The officers are seen barging inside the unit, yelling, “Police search warrant! … Get on the f—- ground!” One SWAT team member is heard yelling, “Hands! Hands! Hands!”
The cops move toward a couch where the man, Amir Locke, is seen covered in a blanket as he tries to stand up while holding a firearm in his right hand. Three gunshots are then heard from one of the officers.
In a city still reeling from the police killing of George Floyd, the shooting is likely to spark new questions about the use of no-knock warrants — particularly since Locke was not the subject of the warrant, according to the paper.
Yes, Locke was reaching for and managed to grab his legally-owned and -permitted firearm, but he was asleep when the unit swarmed into the dwelling, and who the heck—groggy from sleep and thus not grasping who these people are—wouldn’t automatically reach for their legal firearm in that situation?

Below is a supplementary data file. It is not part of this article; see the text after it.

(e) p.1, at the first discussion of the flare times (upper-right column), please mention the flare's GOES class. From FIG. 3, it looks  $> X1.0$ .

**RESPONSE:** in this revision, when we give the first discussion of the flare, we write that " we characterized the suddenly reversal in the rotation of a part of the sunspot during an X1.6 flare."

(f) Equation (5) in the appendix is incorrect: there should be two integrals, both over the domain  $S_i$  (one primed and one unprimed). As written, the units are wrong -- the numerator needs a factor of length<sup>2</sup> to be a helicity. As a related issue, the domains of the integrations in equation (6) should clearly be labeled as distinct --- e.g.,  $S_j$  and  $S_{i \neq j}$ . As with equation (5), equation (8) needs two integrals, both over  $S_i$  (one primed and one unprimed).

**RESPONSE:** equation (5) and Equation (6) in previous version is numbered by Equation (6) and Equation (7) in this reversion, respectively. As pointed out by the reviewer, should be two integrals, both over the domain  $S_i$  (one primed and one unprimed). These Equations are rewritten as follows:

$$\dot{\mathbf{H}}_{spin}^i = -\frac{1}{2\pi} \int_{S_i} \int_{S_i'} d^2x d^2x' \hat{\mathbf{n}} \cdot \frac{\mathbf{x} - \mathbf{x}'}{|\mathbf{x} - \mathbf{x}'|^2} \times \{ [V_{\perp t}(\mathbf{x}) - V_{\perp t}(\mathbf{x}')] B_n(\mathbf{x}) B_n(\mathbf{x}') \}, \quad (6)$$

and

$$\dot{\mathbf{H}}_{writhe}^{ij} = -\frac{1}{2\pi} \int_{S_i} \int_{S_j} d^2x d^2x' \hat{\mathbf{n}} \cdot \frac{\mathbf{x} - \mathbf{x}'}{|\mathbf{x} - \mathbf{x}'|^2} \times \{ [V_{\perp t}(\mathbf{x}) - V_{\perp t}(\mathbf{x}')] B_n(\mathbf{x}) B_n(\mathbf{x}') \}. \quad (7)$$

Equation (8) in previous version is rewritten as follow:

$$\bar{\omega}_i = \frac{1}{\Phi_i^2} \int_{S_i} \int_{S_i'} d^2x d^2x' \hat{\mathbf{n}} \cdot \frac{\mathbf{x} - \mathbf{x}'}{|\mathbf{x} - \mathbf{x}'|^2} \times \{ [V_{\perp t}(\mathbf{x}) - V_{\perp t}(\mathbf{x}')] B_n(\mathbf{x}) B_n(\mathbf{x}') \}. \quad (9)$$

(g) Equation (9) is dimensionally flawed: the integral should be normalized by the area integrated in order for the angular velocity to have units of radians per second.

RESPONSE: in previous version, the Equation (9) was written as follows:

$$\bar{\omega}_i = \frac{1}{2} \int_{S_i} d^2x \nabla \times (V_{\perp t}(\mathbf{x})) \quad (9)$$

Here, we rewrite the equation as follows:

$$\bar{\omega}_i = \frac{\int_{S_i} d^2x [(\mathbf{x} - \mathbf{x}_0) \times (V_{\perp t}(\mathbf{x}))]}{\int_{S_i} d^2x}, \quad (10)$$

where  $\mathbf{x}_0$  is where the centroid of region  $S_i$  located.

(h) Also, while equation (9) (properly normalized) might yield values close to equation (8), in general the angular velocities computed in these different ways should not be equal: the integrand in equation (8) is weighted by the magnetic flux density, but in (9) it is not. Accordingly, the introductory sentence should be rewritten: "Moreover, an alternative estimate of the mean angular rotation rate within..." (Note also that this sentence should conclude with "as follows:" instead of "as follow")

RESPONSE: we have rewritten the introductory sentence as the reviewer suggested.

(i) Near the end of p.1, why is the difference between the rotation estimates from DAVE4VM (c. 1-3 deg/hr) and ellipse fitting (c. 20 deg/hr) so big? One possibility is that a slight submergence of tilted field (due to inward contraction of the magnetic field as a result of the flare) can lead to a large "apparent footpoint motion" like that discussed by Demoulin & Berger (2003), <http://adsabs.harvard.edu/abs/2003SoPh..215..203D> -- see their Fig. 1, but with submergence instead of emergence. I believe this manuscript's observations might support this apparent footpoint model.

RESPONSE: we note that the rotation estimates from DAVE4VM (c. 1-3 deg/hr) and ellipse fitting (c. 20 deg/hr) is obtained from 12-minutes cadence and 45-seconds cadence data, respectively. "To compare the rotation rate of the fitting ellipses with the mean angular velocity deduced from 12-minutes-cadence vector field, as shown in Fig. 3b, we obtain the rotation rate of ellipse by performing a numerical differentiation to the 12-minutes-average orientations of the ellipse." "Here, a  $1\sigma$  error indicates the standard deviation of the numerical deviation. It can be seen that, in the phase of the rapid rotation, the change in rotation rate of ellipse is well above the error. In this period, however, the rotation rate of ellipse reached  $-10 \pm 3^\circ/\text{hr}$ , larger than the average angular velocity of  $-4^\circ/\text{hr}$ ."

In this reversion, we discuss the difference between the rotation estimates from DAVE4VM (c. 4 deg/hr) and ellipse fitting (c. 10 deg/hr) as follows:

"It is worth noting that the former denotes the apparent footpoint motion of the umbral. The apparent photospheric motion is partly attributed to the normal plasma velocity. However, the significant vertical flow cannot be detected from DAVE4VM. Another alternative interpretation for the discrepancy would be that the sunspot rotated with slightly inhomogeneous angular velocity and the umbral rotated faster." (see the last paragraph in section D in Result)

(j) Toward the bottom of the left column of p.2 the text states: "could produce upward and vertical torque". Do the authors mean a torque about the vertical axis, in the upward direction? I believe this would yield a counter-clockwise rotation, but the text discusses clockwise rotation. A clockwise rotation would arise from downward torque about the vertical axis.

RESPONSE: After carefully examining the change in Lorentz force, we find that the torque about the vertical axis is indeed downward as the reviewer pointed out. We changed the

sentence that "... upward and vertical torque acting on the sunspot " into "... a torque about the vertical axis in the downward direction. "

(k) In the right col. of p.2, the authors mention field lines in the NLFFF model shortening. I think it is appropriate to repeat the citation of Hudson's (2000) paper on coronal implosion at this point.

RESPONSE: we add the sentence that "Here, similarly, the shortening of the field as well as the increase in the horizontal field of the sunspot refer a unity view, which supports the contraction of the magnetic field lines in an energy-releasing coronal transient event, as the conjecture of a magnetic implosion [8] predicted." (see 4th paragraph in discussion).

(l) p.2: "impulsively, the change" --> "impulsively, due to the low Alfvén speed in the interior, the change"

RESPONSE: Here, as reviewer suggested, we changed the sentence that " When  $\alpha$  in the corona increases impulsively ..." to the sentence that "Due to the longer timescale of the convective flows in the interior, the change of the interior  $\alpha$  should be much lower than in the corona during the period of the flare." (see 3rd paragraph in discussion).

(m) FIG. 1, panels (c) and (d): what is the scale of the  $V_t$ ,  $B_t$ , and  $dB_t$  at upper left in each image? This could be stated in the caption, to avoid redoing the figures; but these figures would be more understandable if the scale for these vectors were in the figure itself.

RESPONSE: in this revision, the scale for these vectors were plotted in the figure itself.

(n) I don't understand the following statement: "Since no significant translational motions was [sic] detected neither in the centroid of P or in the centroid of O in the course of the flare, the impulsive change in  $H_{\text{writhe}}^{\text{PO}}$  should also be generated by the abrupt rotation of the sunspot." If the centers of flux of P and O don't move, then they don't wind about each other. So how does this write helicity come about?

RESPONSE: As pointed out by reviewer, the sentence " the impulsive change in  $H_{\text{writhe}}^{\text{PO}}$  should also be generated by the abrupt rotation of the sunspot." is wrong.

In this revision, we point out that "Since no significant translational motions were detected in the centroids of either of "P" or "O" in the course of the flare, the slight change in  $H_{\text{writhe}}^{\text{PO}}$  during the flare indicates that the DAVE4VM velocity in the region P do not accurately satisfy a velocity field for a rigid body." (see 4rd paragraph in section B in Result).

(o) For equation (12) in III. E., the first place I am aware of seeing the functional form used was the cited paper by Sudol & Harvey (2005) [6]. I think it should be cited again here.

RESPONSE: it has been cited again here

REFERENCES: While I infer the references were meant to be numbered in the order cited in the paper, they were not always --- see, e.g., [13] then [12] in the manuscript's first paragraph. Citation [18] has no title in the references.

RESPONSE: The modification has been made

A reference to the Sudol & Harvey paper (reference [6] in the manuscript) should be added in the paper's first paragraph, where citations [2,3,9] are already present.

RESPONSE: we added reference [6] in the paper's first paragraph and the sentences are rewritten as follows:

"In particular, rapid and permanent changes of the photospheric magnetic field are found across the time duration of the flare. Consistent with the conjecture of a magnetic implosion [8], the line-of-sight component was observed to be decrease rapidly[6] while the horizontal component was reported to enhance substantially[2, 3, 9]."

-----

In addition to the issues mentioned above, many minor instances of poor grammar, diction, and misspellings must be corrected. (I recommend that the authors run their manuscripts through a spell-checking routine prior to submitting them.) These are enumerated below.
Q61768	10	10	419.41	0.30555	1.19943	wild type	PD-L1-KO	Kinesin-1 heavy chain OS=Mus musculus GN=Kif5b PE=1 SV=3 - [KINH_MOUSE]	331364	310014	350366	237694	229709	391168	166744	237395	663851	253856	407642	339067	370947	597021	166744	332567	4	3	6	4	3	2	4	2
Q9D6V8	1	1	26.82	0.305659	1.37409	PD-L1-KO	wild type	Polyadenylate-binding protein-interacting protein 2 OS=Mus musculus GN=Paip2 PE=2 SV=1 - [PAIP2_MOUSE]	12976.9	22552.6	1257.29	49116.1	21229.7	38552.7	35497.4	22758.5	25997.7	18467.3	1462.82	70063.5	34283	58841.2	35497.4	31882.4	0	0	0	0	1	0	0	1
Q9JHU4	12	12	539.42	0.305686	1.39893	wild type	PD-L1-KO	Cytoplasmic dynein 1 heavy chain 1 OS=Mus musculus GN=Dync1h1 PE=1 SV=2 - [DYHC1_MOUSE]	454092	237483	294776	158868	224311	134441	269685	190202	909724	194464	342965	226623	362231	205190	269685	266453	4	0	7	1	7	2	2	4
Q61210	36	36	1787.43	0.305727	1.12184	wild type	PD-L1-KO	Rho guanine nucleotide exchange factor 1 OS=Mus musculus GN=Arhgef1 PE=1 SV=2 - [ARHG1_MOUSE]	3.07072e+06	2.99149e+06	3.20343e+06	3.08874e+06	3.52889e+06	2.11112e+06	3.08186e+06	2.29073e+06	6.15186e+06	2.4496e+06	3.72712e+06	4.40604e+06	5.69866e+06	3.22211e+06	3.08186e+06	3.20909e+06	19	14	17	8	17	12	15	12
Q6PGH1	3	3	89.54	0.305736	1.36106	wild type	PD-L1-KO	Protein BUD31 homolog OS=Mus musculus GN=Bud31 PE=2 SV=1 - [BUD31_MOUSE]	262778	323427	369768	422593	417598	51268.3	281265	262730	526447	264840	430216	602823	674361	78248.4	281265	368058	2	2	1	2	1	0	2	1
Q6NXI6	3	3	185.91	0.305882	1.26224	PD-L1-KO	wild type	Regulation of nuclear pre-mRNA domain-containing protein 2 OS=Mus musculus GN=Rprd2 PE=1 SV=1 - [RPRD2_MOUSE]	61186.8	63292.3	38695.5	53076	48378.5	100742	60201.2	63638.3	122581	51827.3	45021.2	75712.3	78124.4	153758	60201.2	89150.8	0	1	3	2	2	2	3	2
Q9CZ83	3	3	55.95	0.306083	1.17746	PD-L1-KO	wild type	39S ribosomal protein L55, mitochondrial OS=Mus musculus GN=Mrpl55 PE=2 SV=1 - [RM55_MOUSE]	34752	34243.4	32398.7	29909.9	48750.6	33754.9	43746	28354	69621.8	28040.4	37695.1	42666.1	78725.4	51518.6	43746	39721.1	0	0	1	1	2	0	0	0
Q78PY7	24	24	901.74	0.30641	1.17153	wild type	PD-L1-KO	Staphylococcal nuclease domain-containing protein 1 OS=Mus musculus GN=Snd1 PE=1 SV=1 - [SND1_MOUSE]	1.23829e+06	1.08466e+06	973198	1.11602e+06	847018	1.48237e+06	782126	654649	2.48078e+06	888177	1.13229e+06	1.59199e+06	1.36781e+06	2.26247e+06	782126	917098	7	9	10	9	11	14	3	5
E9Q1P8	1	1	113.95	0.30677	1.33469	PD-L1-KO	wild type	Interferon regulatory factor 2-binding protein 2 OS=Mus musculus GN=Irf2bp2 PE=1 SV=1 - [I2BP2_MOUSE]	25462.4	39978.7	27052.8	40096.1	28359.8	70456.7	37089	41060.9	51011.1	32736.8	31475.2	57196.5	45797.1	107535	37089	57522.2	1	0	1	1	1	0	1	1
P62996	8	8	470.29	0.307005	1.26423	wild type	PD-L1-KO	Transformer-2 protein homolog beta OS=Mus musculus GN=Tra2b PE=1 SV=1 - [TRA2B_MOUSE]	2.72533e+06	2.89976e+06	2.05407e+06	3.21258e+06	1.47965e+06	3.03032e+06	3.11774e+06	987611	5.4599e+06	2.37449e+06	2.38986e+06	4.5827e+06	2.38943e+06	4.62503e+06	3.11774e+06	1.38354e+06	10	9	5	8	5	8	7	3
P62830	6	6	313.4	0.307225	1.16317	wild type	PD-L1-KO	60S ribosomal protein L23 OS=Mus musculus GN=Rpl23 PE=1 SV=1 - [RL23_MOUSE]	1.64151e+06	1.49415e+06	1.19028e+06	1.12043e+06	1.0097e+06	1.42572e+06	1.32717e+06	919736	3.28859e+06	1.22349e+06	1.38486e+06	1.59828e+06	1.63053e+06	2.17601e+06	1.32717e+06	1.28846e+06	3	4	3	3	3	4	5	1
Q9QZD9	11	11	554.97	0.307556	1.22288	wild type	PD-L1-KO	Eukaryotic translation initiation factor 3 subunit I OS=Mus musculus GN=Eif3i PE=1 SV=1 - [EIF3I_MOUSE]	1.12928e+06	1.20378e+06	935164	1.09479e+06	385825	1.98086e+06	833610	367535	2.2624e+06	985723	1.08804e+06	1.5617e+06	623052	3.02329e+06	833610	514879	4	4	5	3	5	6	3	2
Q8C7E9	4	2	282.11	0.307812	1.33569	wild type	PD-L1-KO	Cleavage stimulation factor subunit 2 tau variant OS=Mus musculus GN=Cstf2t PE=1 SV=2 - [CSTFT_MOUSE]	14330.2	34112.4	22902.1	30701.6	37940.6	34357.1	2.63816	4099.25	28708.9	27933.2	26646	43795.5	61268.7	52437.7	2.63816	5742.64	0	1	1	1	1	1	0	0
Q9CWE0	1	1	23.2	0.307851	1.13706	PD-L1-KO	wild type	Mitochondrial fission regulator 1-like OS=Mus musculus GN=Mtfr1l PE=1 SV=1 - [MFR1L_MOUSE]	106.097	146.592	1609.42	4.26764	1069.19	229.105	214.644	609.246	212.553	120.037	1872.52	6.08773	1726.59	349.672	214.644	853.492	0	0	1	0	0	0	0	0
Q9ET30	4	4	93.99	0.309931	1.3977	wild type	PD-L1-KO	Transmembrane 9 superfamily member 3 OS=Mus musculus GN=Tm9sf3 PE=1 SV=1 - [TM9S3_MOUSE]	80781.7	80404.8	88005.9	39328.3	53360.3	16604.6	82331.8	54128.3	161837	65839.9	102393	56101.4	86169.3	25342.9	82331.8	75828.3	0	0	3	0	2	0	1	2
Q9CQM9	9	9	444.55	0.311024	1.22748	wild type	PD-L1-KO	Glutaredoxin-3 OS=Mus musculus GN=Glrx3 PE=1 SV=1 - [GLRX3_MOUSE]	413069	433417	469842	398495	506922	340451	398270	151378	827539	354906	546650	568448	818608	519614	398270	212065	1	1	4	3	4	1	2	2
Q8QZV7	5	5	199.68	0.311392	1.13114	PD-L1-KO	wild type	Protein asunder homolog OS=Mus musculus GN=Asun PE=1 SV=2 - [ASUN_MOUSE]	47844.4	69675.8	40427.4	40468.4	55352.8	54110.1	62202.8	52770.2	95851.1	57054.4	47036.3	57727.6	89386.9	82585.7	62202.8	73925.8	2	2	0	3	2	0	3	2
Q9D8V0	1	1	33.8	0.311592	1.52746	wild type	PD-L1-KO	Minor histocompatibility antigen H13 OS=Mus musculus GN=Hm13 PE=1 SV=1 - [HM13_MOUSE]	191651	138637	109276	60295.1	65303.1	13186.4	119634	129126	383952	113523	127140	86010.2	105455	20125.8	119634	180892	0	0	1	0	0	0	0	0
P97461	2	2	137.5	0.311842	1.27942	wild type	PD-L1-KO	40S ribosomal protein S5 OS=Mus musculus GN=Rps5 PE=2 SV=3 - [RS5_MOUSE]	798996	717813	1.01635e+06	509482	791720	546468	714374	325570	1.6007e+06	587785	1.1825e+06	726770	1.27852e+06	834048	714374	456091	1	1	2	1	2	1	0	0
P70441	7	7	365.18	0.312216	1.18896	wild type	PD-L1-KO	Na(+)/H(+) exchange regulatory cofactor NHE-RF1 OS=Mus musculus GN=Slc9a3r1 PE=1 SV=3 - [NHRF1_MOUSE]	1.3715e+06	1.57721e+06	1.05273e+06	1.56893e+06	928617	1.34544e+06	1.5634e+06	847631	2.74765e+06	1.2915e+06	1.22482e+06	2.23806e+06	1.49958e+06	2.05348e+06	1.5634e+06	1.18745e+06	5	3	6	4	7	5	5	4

And this is yet another problem with no-knock warrants, they are often executed in the wee/pre-dawn hours of the morning specifically in order to catch victims while they are asleep. The police in this case created the situation in which the sleeping Locke groggily reached for his legal firearm . . . and then shot him dead. I have a problem with that. And frankly, I’d have a problem with that if he were the subject of the warrant and/or its underlying homicide investigation.
Here’s the presser featuring the mayor and chief of police:
Over at Reason, Billy Binion discusses why he thinks “Amir Locke’s Death Should Incense Anyone Who Cares About Gun Rights.”
An officer with the Minneapolis Police Department SWAT team shot and killed a 22-year-old man early Wednesday morning during the execution of a no-knock raid, reinvigorating debate around a law-enforcement tactic that many say is ripe for abuse.